Green Chopper

1.199,95 kr
A good knife is a chef’s best friend. This is one of the few things that you’ll thank yourself for investing in.
The Green Chopper combines the best features of both Western and Japanese style blades, making it excel at any cutting task.   
Specs

Design: Kirk+Maarbjerg
Length: 20 cm
Blade: Damascus steel 59-60 HRC*
Handle: Pakka Wood
Material: Japanese VG10 Steel. VG10 steel is often referred to as Japanese "gold" steel and is a highly alloyed steel which, due to its material content is incredibly durable. VG10 is developed and produced by Takefu Special Steel Co. in Echizen, Japan. By global standards, Takefu Special Steel Co. is a small, family-run steel producer recognized worldwide for their exceptional quality. VG10 is used in 60-70% of all Japanese-produced kitchen knives!
The name VG10 may only be used when produced by Takefu Special Steel Co. in Japan.
ArtikelNo: 4030
FSC®:
SCS-COC-005763-BG FSC 100%

Info

Green Chopper is a designed to handle both small and big tasks.
The tight and functional design makes it a safe choice for many tasks in the kitchen. Use it for large and small pieces of meat and when chopping delicious vegetables.
Green Chopper is a beautiful and robust knife that will delight anyone who loves to cook.
Damascus steel
Endeavour [en-de-var] means “to strive”. The professional chef’s knives in the Endeavour range are made of Damascus steel. The middle of the blade’s cutting edge, made of Japanese VG10 steel, is enveloped by 33 layers of beautifully forged steel on each side. This method of manufacturing gives the Endeavour knives their characteristic appearance and makes them extremely sharp and durable. The Damascus forging technique was widespread during the Samurai days of glory when the sword makers from Seki achieved a legendary reputation for their Damascus swords. Technically, the Japanese masters leaned on a forging tradition that is alleged to come from Damascus. Hence, the name Damascus steel.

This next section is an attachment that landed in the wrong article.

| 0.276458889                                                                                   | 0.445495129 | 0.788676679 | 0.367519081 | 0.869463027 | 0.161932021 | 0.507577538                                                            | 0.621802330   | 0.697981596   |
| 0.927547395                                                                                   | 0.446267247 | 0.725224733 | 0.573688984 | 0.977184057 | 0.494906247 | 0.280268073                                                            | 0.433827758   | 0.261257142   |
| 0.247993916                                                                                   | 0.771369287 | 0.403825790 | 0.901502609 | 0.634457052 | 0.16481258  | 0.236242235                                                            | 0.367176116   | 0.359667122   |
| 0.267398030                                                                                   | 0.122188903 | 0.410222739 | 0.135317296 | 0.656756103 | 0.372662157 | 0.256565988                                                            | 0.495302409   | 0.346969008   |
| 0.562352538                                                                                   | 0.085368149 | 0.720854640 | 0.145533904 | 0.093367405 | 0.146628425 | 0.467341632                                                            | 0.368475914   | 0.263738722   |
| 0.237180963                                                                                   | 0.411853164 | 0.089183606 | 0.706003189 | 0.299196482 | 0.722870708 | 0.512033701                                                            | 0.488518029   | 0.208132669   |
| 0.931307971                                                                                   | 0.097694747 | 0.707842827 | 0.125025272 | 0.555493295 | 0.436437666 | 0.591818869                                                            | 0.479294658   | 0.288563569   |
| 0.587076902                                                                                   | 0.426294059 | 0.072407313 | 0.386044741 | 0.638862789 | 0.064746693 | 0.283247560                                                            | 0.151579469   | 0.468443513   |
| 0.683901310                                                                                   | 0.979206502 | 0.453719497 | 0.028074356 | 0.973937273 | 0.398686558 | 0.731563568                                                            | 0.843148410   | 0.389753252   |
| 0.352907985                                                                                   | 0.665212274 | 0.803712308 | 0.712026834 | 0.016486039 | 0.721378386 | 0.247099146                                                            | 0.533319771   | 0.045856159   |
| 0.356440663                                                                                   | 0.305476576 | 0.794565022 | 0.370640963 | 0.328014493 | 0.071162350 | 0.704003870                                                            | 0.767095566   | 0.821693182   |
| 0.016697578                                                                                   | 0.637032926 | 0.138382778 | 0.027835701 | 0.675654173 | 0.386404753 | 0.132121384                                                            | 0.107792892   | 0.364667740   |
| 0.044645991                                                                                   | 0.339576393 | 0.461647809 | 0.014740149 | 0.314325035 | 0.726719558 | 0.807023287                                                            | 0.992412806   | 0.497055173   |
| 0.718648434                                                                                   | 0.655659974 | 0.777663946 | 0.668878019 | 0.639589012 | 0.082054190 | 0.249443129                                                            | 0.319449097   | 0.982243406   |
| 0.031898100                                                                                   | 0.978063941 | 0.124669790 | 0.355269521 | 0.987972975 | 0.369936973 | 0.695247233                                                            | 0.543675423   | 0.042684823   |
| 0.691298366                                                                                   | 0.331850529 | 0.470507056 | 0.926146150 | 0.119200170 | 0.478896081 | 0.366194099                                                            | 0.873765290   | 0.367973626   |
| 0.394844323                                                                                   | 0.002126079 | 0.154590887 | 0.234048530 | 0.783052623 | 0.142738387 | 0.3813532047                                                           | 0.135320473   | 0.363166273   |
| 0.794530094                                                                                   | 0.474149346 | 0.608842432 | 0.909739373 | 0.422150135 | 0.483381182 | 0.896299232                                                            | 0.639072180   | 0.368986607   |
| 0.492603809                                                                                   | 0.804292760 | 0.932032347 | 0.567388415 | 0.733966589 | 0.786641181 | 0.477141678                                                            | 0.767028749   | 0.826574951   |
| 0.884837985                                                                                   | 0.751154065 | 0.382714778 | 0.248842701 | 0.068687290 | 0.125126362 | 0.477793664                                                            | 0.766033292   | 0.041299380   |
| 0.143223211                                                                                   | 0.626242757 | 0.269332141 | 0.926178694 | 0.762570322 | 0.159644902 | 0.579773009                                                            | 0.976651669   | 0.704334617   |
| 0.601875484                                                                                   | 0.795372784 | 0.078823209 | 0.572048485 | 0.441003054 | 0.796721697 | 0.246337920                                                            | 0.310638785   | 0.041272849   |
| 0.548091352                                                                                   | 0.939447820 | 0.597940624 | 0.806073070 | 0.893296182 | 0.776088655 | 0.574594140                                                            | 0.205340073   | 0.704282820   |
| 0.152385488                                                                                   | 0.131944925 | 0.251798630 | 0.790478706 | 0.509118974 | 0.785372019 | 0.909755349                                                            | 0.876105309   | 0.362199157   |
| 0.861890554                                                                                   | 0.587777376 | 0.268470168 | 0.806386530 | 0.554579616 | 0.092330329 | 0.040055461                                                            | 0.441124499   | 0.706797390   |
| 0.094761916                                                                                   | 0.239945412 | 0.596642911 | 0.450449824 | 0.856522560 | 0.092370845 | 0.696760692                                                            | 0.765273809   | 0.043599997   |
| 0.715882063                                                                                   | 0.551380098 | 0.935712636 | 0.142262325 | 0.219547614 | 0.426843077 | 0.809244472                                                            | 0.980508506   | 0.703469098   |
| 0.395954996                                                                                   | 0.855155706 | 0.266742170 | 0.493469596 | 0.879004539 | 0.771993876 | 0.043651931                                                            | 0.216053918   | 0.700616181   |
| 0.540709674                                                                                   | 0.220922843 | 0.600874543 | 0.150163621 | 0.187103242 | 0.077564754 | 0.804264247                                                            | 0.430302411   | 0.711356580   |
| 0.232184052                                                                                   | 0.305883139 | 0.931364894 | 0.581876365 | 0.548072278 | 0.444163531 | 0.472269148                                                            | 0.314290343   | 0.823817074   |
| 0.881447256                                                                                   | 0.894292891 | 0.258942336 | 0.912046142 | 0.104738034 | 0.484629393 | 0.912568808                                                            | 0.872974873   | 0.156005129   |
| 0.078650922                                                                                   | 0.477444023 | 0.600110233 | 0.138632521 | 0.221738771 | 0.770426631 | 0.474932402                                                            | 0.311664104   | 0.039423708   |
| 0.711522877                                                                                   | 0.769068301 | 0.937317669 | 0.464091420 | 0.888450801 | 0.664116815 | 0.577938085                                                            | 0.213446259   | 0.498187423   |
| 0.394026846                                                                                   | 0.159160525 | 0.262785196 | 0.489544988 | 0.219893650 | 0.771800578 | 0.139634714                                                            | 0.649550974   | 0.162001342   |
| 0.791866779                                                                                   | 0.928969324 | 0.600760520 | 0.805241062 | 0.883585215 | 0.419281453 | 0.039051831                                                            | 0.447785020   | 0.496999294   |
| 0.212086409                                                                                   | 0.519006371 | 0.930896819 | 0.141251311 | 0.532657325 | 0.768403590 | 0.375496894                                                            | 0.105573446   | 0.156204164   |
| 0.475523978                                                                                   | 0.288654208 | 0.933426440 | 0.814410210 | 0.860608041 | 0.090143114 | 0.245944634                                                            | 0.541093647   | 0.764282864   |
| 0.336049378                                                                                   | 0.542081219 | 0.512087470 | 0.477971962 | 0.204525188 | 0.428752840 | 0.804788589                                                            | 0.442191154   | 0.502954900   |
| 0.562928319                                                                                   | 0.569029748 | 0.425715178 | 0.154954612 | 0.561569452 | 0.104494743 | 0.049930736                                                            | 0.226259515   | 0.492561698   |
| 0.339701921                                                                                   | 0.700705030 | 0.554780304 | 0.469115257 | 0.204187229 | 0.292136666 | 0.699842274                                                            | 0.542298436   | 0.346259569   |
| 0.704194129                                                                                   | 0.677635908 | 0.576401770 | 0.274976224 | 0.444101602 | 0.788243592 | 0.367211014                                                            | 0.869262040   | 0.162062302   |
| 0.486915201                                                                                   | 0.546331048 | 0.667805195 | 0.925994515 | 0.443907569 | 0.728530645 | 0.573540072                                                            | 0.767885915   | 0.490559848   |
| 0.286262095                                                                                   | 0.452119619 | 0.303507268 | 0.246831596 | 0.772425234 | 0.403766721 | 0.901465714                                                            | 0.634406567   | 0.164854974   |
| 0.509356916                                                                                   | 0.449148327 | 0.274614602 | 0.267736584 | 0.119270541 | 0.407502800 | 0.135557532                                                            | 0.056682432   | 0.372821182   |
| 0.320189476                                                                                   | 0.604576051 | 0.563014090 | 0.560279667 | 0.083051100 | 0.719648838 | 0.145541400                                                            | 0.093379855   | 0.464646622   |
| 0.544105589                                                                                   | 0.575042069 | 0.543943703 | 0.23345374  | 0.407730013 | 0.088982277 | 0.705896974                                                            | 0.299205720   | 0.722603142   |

* The hardness of steel is measured in the Rockwell-scale. It is measured by pressing a standardized diamond cone into the steel, to a certain depth. The acquired force used is used to calculate the value on the Rockwell-scale. The harder the steel — the higher the score on the scale.
Most knives register a hardness of 51-53 HRC.

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